Smisson also suggests (less certainly) a gate in the wall two fields south of the railway on a modern right of way footpath which runs in a very direct line to the outskirts of Barrow Court.  Where lane cuts through its line at right angles, it leaves corresponding agger humps on either side.  A little further on, our proposed route crosses a recently laid and pre-surveyed pipeline where a geophysics response tallies with our line.  The general direction lies towards Broadfield Down and our proposed road there, but beyond Barrow Court, enclosure over several fields show no map evidence and sadly LiDar does not cover this area.

We are pursuing a number of other possibilities.  Much building stone used at Gatcombe originated at the Roman quarries on the west end of Dundry and we think we see a route to be investigated.  Another, with possible traces, probably aimed South and South East.  Others suggest themselves.  Altogether we propose seven possible routes out of Gatcombe, all linking, sooner or later, with other settlements.



MRS. JEAN DAGNALL (from an article by her son, Julian).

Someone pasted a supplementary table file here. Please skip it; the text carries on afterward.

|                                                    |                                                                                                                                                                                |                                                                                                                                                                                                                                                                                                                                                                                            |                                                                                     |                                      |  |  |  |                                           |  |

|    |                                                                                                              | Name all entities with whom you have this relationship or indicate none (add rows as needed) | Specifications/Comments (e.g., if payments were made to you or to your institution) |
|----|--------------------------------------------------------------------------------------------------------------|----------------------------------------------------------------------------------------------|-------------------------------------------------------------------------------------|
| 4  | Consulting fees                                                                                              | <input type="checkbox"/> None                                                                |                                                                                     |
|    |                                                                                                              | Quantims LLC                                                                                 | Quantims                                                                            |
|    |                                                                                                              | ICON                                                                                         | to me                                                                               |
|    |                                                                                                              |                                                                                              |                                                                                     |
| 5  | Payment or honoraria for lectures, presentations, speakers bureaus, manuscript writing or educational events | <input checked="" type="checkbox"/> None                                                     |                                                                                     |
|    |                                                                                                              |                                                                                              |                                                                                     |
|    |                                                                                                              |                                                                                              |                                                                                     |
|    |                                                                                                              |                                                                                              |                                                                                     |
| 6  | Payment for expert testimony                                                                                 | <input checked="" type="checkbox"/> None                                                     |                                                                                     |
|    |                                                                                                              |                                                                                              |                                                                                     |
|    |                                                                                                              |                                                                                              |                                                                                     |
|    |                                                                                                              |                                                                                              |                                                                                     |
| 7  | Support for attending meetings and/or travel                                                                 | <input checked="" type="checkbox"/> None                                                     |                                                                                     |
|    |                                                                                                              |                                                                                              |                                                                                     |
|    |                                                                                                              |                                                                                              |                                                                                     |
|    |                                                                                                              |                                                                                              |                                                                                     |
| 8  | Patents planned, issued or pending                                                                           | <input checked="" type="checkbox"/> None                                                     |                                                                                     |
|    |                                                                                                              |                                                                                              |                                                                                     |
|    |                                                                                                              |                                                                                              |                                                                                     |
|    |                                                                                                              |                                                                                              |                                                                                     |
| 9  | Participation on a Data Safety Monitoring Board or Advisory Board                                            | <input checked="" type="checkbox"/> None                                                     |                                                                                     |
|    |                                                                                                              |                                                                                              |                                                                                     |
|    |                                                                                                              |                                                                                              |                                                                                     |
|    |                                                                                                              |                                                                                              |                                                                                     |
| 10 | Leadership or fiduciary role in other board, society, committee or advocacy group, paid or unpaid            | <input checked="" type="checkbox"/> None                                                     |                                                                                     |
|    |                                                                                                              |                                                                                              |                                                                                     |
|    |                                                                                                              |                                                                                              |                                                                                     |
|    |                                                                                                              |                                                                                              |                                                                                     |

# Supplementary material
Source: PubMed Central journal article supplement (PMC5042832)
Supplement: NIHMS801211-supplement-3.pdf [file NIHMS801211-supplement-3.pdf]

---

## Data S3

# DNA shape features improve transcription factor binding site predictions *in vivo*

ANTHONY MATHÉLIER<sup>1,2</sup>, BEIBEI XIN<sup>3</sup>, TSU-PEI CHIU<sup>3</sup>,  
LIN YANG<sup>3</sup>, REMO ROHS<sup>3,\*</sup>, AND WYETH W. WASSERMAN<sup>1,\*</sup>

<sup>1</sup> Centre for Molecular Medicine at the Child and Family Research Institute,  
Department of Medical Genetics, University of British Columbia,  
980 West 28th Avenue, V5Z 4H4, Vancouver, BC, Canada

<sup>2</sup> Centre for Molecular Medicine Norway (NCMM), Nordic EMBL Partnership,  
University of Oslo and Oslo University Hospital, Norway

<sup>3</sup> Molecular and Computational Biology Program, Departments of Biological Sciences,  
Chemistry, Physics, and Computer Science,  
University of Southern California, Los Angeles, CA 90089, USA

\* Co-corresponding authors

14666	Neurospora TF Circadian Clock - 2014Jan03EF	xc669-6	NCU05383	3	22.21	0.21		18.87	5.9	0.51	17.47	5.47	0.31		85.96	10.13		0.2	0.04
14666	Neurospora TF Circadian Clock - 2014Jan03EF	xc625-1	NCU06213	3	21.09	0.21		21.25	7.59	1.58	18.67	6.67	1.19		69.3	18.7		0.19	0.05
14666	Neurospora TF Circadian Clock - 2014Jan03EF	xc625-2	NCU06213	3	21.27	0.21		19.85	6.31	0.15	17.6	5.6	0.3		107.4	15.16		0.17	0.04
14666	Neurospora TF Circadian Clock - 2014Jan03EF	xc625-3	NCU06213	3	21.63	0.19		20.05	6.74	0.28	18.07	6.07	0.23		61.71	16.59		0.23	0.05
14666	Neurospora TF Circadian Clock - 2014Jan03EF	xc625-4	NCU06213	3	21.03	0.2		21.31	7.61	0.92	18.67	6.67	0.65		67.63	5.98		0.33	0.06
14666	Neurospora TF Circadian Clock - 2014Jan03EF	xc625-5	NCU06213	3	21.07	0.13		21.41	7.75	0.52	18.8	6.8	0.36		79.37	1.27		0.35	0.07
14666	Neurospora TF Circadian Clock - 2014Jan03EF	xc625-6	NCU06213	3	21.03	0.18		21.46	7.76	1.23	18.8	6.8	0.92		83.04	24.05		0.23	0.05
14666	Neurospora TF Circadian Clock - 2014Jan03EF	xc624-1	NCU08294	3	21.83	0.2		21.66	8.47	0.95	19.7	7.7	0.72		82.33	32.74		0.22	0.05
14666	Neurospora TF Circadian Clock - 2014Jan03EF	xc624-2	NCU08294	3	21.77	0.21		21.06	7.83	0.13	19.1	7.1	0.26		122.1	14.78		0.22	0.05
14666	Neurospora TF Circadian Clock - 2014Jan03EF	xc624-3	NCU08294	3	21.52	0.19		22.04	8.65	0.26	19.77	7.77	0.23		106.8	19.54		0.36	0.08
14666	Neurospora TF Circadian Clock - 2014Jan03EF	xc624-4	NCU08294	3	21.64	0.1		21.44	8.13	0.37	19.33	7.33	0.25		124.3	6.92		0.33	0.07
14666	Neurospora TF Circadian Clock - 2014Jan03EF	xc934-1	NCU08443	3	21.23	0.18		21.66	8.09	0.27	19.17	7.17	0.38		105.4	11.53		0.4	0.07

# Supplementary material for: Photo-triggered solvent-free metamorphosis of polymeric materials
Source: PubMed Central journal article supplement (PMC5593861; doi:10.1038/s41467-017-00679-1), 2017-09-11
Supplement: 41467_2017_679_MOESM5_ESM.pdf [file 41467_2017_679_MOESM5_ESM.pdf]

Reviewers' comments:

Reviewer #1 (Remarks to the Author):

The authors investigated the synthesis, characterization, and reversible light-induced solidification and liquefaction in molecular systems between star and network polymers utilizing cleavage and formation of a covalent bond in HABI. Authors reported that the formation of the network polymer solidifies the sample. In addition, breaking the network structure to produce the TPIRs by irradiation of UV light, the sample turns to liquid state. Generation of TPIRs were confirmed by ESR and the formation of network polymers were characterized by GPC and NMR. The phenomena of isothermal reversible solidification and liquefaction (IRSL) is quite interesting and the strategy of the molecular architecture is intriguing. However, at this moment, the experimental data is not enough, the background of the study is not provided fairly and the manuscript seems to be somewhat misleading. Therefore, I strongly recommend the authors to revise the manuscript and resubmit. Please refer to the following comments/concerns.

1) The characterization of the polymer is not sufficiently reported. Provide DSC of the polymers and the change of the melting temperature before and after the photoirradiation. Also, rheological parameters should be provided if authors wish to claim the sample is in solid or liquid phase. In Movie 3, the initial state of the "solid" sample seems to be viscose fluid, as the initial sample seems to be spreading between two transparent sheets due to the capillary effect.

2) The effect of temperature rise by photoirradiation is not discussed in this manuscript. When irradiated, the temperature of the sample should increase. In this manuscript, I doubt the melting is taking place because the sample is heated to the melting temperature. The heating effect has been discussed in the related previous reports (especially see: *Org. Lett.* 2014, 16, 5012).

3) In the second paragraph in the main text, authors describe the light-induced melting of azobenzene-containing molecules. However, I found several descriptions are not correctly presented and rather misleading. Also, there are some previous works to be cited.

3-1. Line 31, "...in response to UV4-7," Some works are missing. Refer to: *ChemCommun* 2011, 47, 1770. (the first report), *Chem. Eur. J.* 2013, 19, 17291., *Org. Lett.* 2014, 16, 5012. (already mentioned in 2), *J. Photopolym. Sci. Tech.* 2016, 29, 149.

‘We regret belatedly to note the passing in September 2017 of Jean Dagnall, aged 91, one of local archaeology’s greatest amateur servants, who was awarded an MBE in 2011 ‘for services to the Clevedon and District Archaeological Society’.  This brief citation revealed little about Jean’s services to the Clevedon Society, which she joined in the late 1960s, eventually to become Chairman and then to serve as Secretary from 1976 until 2010, when she was made President.  She was active on the CBA’s South-West Committee for more than thirty years, serving as Chairman and more latterly as a trustee.  She was a member of the national CBA Council, and was elected as one of the CBA’s first Honorary Life Members.  Finally, she served on the Council of the Somerset Archaeological Society for ten years. Friends of Jean said that if you mentioned in archaeological circles that you come from Clevedon, it was very likely that the response would be ‘Oh yes, Jean Dagnall’, such was her renown.  She leaves behind a rich legacy of service that doubtless others will acknowledge far more readily than she ever would have done herself.’